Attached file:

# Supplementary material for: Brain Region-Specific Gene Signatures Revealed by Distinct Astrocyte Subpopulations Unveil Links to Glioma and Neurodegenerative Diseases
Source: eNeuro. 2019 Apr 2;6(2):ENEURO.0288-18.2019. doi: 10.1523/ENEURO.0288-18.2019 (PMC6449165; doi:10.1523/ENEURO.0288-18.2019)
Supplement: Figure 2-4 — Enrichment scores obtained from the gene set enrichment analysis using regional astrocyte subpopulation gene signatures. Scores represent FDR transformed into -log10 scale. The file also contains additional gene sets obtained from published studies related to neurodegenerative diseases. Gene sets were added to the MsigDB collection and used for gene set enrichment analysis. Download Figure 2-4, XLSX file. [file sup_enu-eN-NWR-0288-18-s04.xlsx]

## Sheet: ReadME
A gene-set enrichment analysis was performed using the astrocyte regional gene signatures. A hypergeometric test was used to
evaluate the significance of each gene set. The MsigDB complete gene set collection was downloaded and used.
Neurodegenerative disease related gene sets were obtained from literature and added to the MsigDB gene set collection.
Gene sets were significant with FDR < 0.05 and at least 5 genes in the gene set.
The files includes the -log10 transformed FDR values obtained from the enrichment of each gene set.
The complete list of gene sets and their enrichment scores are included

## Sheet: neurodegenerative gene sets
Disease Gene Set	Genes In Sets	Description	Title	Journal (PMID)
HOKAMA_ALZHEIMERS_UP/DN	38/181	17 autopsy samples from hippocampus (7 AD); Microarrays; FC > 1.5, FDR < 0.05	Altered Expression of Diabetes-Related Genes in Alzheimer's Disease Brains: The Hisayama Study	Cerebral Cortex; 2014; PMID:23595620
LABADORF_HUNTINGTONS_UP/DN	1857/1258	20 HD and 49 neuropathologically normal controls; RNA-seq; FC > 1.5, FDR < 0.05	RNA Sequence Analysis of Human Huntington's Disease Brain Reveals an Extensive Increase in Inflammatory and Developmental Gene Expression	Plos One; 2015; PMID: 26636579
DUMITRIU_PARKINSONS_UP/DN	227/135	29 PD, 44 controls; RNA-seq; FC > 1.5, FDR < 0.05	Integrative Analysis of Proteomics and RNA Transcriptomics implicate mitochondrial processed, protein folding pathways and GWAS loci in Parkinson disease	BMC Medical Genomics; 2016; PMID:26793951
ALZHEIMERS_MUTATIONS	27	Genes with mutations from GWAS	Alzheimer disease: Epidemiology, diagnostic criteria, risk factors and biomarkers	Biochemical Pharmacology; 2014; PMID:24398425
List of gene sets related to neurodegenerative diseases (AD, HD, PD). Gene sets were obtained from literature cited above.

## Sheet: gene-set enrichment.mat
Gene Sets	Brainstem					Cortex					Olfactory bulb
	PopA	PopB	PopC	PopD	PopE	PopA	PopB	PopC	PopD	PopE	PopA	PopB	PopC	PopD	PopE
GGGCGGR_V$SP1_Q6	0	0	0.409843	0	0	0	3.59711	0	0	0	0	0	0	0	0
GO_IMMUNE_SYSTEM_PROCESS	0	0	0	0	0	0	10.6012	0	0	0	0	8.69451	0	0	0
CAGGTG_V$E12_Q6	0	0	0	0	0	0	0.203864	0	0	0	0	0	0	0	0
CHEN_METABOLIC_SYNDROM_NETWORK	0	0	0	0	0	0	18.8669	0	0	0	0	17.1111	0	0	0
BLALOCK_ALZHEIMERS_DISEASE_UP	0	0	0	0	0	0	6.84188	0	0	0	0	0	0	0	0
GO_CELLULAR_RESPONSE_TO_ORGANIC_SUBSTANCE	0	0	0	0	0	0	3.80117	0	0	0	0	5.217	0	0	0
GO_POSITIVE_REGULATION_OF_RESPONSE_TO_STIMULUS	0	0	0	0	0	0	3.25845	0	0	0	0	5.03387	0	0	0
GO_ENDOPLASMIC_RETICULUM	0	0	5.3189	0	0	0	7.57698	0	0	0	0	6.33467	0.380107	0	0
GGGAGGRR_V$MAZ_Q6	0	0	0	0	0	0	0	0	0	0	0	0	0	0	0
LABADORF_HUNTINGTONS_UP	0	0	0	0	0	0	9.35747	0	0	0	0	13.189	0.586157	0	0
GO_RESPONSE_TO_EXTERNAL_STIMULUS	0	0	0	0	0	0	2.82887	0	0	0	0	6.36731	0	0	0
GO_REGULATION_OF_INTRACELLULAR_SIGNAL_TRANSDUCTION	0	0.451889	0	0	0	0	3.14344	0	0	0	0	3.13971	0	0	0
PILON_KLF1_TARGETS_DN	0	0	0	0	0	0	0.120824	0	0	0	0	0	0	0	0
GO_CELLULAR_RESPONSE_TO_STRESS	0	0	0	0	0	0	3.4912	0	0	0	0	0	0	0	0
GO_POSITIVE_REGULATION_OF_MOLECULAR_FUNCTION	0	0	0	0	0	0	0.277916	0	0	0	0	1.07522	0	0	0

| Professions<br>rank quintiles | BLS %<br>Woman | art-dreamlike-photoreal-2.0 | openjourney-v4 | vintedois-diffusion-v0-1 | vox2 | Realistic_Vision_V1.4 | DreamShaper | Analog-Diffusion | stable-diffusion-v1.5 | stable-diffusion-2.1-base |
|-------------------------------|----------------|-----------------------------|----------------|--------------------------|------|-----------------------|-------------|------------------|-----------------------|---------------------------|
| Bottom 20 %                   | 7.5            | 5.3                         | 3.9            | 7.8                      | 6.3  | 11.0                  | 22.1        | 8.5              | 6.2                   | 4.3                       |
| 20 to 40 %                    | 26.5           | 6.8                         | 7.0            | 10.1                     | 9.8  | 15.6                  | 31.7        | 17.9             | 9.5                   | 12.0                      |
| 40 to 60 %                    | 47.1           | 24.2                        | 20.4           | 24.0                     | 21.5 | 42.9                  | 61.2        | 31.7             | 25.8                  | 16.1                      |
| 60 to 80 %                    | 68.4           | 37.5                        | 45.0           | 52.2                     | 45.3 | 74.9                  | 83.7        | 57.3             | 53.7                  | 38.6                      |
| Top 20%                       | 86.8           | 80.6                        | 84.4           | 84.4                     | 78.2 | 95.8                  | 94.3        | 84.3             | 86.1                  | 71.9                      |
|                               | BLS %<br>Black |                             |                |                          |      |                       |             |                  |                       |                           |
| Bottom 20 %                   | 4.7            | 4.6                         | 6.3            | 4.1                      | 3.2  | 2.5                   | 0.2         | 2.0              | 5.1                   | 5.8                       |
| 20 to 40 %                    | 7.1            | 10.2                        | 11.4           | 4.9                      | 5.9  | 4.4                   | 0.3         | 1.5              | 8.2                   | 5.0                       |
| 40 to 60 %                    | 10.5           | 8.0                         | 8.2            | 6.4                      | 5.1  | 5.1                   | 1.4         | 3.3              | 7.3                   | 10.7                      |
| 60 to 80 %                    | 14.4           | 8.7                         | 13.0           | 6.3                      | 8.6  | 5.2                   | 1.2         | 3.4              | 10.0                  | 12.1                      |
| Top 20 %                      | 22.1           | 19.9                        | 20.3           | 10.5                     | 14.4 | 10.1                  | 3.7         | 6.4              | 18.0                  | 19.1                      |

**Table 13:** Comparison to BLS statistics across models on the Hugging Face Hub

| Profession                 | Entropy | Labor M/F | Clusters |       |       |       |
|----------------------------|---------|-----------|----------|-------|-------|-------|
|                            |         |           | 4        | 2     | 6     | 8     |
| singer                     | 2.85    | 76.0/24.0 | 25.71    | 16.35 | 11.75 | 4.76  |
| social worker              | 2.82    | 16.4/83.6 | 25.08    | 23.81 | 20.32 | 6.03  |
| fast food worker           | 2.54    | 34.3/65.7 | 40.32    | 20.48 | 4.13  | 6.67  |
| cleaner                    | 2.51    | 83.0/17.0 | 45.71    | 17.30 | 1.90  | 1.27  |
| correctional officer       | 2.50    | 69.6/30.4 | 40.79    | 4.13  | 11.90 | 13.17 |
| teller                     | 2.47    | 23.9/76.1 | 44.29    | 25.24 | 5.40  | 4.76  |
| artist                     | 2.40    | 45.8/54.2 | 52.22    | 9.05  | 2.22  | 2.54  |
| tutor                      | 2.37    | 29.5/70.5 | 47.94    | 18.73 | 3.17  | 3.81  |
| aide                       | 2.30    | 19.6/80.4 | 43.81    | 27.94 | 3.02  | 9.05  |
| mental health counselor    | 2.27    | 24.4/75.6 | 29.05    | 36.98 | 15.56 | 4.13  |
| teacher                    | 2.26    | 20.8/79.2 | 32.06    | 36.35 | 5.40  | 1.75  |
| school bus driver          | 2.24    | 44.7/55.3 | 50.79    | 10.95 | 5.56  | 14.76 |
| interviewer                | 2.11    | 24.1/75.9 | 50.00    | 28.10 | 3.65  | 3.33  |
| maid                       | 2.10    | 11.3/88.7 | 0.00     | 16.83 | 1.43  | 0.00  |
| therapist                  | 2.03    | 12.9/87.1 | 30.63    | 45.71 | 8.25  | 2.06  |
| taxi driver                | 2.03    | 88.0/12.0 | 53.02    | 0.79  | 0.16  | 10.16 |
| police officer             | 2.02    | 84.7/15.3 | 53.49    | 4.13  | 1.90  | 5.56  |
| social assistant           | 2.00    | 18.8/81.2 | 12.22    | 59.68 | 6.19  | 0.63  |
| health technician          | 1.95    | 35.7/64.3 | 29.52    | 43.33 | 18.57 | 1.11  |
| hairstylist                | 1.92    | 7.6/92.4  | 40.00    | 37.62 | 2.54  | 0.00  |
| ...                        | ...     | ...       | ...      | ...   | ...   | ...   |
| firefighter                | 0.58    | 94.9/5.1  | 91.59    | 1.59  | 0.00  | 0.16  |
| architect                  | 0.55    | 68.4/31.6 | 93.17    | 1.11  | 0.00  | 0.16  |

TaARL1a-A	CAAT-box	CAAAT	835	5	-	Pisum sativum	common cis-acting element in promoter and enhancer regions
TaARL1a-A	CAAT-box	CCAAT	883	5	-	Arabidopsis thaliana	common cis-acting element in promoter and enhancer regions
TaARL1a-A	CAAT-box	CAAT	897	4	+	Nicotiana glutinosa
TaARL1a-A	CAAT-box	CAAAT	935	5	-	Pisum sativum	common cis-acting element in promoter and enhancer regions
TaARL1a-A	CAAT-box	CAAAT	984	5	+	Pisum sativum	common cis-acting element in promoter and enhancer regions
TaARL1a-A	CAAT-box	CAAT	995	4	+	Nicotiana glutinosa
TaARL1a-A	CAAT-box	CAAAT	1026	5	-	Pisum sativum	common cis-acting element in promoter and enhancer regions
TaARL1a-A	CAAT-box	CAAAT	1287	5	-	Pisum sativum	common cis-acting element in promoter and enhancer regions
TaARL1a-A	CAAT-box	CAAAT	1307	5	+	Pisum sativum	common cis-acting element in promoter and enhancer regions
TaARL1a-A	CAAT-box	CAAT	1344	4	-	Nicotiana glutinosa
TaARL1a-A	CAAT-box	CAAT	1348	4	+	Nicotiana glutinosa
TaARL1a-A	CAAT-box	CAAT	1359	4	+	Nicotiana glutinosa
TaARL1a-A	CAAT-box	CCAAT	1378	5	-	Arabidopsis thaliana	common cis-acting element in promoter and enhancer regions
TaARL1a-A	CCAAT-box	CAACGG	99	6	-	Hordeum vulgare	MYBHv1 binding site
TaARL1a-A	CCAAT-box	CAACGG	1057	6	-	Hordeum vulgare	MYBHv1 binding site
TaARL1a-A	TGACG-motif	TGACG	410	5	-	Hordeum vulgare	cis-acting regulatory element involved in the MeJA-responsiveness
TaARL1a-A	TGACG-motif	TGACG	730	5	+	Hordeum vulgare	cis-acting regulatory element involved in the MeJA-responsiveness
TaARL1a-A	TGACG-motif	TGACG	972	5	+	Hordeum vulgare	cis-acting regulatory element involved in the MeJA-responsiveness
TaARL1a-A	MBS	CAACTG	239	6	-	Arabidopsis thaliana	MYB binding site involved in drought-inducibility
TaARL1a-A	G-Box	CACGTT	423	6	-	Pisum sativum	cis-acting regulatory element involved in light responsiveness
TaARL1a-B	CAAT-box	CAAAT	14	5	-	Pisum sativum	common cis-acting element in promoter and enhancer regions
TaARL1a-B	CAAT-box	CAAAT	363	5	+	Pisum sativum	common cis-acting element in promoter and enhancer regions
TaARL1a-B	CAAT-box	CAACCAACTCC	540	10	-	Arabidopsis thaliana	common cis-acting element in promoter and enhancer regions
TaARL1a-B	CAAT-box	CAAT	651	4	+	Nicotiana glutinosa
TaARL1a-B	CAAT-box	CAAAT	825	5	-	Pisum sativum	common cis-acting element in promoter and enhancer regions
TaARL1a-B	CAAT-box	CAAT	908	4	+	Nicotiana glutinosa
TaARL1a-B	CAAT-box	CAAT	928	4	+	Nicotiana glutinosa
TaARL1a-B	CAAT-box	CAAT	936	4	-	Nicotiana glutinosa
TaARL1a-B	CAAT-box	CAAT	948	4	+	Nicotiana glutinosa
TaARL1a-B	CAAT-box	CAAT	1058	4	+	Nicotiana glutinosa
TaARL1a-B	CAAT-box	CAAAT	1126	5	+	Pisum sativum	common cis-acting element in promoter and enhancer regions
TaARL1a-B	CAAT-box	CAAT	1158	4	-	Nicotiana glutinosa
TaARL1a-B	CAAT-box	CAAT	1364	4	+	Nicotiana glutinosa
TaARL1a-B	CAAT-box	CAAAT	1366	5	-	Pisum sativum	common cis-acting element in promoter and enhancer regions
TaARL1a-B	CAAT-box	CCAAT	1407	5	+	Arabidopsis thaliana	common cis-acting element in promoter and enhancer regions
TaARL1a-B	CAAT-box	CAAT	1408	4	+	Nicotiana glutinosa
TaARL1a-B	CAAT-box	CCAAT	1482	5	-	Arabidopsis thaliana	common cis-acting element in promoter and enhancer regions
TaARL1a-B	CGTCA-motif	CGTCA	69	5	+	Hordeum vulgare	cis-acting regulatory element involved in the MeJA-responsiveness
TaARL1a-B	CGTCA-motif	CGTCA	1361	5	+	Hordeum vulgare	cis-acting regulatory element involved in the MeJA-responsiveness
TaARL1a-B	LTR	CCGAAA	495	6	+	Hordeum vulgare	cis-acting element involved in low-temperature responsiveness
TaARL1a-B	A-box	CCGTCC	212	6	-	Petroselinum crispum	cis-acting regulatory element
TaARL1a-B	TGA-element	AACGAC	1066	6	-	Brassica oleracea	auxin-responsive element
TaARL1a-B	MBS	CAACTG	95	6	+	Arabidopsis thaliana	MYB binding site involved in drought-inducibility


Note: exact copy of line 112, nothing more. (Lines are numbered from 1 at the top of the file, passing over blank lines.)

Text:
TaARL1a-B	CAAT-box	CCAAT	1482	5	-	Arabidopsis thaliana	common cis-acting element in promoter and enhancer regions